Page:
The precise indemnification language in this case does not reveal a clear intention of the parties. However, we find it significant that the indemnification clause concludes by requiring the subcontractor to "obtain, maintain, and pay for such general liability insurance coverage as will insure the provisions of this paragraph." General liability insurance normally does not provide coverage for a contractor after the project is completed. See Harbour v. Mid-Continent Cas. Co., 752 P.2d 258, 260-61 (Okla.App.1987). Instead, a completed operations hazard endorsement is necessary to insure a contractor against accidents which occur after the completion of a project. Id.; see 7A John Alan Berdaled, Appleman, Insurance Law and Practice § 4508.03, at 388-90 (1979). Thus, we believe the indemnification language imposing an obligation on the subcontractor to carry only general liability insurance and not completed operations insurance persuasively reveals an intention to limit indemnification while the work is in progress. It would be inconsistent and unreasonable to impose a duty to maintain insurance to cover an obligation for indemnity which is more narrow than the scope of the indemnity. An interpretation of a contract which gives a reasonable and effective meaning to all terms is preferred to one which leaves a part unreasonable. Fashion Fabrics of Iowa, Inc. v. Retail Investors Corp., 266 N.W.2d 22, 26 (Iowa 1978).
This reasoning was followed by the Minnesota Supreme Court in R.E.M. IV, when presented with the same issue involving the same contractual language. R.E.M.IV, 313 N.W.2d at 434-35. After recognizing the distinction between general liability insurance and completed operations insurance, the court concluded that the limitation to maintain general liability insurance revealed an "intent of the drafters of the subcontract to require indemnity only while the work was in progress." Id. at 435. The court further stated:The subcontractor signing the standard form agreement drafted by the Associated General Contractors intends only to provide protection for the general contractor while the work of the subcontract is being performed, and certainly does not anticipate long term contractual liability for the general contractor's own negligence in the future after the subcontract is completed. The subcontractor does not intend to indemnify the contractor forever. Logic requires the conclusion that only damage occurring during the performance of the work of the subcontract is within the intended coverage of the indemnity provision.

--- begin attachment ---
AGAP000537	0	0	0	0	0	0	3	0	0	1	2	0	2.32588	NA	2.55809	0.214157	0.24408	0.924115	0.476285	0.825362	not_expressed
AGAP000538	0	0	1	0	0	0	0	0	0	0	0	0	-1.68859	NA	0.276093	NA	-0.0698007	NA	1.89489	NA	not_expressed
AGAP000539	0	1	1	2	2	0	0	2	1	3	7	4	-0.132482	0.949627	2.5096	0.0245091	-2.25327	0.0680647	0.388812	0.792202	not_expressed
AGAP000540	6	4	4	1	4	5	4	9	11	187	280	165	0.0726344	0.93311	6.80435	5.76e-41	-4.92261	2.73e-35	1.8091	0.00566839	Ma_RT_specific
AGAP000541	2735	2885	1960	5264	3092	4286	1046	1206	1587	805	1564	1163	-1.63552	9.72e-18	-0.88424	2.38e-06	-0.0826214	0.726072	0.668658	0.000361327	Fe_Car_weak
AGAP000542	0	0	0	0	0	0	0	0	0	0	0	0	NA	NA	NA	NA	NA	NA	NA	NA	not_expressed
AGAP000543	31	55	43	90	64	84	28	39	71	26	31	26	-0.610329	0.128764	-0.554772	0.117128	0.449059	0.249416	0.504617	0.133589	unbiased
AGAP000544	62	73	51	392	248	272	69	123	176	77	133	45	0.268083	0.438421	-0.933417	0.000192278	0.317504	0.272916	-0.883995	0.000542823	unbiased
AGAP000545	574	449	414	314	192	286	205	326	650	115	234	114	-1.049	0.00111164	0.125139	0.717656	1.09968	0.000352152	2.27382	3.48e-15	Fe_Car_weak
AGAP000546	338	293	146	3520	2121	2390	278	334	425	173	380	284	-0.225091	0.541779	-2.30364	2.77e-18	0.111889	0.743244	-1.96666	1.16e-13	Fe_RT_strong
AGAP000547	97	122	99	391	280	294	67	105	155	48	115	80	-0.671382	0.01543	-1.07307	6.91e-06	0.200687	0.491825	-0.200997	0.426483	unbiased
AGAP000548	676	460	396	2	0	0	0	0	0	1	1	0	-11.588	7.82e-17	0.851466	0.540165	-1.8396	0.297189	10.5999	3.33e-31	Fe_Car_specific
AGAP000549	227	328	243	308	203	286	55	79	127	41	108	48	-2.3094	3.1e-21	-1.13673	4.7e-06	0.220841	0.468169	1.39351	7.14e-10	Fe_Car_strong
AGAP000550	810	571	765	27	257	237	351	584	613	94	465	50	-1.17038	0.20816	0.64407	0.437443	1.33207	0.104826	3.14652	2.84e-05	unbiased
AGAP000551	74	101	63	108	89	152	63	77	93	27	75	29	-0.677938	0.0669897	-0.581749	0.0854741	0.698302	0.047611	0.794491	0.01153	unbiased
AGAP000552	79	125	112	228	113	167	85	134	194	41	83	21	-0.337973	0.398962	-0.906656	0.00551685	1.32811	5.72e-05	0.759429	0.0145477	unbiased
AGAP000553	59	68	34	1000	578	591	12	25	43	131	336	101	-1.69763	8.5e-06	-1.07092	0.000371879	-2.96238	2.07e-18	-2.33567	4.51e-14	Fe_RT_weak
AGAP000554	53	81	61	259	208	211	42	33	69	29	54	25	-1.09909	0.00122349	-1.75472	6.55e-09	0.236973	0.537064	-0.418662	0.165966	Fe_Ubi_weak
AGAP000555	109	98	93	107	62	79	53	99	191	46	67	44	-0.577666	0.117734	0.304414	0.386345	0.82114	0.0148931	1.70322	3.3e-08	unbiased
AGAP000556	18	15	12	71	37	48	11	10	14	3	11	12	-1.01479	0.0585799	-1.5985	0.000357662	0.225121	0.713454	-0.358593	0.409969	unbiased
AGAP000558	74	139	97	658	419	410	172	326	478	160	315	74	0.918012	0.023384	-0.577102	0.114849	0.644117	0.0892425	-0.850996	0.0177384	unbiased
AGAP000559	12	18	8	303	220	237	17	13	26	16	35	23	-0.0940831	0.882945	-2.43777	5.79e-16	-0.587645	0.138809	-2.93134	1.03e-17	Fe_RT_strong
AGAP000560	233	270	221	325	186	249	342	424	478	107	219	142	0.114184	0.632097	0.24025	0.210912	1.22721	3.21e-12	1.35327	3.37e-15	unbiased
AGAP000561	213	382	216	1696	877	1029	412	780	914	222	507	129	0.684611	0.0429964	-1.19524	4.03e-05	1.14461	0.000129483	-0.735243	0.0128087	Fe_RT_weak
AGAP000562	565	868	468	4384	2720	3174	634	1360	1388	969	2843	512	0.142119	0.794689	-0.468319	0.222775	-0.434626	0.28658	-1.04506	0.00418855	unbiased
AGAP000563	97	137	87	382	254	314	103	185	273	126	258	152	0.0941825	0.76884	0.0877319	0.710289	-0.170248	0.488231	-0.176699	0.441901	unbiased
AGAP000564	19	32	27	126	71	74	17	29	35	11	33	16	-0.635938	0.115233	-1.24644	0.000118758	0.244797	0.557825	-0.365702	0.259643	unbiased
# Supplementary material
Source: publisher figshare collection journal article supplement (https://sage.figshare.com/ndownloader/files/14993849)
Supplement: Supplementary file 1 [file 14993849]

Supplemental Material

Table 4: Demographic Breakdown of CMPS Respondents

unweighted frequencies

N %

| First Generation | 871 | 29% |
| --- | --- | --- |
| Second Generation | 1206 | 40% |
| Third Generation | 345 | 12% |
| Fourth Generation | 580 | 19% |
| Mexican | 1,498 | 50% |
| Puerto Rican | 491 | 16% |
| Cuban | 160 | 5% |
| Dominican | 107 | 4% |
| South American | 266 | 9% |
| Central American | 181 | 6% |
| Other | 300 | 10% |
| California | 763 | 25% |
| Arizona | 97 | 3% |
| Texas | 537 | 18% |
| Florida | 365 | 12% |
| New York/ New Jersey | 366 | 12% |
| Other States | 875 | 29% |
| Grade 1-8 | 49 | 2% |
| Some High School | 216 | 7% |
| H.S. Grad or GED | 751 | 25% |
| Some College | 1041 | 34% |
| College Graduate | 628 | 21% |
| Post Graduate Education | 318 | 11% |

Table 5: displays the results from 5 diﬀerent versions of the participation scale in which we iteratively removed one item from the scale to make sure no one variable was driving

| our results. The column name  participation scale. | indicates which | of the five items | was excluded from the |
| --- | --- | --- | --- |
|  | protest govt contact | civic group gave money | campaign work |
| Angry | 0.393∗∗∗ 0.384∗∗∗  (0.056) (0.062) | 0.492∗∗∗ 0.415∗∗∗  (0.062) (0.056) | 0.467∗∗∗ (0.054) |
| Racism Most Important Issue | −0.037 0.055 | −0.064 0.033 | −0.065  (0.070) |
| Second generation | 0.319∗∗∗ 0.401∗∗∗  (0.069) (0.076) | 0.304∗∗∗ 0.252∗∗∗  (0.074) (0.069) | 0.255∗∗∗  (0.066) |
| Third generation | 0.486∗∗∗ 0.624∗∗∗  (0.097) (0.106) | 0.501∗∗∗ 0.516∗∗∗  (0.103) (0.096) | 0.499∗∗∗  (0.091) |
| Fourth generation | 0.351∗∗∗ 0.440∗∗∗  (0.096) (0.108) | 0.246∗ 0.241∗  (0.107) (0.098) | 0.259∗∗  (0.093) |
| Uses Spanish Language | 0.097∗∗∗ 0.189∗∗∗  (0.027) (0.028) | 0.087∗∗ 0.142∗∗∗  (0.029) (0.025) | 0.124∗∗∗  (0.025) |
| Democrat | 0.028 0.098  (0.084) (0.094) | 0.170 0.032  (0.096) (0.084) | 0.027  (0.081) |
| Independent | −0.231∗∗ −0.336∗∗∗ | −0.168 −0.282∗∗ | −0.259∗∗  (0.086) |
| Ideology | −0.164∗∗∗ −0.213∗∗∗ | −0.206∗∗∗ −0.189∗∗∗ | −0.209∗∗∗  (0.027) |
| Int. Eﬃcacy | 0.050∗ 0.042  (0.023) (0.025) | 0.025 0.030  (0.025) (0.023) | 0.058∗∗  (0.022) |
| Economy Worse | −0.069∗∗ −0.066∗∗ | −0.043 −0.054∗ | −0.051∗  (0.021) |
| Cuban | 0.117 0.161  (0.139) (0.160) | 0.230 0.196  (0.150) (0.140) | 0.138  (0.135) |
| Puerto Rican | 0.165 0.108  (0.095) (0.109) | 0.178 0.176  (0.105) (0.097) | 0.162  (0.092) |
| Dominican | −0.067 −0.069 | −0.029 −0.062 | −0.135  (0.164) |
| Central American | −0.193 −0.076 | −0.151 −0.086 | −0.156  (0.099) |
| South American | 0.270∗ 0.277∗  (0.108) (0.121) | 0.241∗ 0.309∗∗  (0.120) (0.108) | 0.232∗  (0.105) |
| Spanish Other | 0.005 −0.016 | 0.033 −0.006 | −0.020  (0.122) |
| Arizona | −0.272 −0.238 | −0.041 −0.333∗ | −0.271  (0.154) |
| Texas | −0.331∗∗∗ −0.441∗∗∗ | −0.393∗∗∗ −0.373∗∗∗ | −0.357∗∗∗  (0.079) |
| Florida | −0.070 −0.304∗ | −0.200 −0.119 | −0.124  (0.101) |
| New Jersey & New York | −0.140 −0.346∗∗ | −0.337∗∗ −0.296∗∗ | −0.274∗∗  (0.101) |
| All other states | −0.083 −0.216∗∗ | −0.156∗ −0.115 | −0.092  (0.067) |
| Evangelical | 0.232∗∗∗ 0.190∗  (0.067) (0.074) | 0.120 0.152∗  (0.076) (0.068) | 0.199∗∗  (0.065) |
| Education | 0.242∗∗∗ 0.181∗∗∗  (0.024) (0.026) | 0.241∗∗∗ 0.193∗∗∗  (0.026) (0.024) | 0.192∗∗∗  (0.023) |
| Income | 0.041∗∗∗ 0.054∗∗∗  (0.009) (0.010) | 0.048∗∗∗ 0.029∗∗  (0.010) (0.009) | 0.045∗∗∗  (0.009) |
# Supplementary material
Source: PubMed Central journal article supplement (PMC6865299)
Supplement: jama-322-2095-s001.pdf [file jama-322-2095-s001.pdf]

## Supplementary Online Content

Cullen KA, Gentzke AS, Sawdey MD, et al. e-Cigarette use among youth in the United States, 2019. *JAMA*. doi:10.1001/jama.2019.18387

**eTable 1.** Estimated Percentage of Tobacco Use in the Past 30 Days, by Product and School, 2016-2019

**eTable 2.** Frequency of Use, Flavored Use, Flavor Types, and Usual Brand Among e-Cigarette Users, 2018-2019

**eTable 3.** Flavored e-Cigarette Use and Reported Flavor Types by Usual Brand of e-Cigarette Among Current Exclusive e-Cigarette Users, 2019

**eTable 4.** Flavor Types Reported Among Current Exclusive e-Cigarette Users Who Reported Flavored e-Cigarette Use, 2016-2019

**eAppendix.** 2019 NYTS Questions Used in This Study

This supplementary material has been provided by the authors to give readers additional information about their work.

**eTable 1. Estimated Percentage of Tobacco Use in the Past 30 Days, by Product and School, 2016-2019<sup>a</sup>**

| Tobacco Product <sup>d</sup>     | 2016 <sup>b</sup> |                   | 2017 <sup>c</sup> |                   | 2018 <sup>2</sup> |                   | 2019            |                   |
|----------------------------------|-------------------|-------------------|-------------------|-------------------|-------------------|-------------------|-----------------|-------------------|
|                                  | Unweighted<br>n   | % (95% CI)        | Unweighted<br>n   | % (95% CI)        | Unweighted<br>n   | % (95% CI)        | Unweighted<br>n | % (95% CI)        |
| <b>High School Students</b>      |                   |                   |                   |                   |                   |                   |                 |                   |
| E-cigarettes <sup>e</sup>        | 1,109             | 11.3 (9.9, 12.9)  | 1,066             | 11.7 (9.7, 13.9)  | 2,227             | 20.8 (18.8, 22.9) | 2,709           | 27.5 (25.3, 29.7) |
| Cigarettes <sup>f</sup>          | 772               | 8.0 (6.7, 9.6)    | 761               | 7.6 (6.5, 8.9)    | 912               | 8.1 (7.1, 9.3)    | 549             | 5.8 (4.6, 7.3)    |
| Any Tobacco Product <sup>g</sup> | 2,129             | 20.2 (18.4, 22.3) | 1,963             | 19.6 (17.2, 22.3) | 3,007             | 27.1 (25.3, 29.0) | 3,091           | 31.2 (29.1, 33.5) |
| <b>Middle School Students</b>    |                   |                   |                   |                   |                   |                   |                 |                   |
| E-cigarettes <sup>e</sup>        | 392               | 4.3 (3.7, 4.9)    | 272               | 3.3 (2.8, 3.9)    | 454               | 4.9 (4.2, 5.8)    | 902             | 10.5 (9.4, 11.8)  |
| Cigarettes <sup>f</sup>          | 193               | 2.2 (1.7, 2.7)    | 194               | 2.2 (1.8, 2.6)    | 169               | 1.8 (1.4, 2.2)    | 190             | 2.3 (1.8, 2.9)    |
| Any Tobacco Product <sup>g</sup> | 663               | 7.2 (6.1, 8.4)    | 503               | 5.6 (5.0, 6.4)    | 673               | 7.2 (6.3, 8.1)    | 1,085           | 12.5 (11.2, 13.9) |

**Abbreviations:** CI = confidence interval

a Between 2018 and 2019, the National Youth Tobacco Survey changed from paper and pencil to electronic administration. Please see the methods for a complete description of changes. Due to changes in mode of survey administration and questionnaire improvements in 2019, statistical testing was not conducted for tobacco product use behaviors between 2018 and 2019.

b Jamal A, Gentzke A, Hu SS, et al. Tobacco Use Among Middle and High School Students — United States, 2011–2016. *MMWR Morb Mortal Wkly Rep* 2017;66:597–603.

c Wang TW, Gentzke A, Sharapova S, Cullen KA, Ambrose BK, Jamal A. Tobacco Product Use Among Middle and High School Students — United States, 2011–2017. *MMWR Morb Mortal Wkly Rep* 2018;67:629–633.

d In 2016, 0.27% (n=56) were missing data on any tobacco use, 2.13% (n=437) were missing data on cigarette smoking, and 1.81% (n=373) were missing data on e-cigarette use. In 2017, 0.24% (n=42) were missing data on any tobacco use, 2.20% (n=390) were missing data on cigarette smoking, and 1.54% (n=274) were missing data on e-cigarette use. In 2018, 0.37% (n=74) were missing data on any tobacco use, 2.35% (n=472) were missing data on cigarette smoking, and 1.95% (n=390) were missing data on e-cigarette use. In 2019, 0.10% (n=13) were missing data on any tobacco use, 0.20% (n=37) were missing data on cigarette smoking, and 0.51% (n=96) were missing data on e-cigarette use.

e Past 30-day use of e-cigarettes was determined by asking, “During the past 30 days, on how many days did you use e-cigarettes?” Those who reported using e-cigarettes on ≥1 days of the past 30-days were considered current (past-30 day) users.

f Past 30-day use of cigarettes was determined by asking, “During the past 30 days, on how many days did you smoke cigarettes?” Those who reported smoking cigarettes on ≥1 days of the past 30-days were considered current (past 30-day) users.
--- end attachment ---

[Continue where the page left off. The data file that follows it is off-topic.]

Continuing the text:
Id. We adopt this reasoning as providing a sound resolution in this case.
We also agree a subcontractor does not anticipate a long term contractual liability for a general contractor's negligence after the subcontract has been completed and the subcontractor *671 has left the job site. Id. It is logical to interpret the indemnification provision to limit its coverage to damage or injury which occurs during the performance of the work under the subcontract.Id.III. Conclusion
Considering the entirety of the subcontract, we conclude the indemnification provision does not apply to injuries sustained after the subcontract has been completed. We have considered all issues raised by Graf and affirm the district court.
 The thrust of the arguments by the parties focused on the language requiring indemnity for injuries arising from the "execution of the work provided for in this subcontract." Lifetime argued this meant there was no obligation once the contract was executed or completed. Graf argued no such limitation was expressed or implied.
 We recognize the subcontract does not totally relieve a subcontractor from liability simply because the work has been completed. Paragraph 6 of the subcontract requires a subcontractor to hold the contractor harmless from losses or damages "occasioned by the failure of the subcontractor to carry out the provisions of the subcontract unless such failure results from causes beyond the control of the subcontractor." This paragraph, however, does not impact Graf's claim for contribution. Lifetime was found faultless. Graf's claim is not based on Lifetime's breach of paragraph 6, but its contractual duty of indemnification under paragraph 7.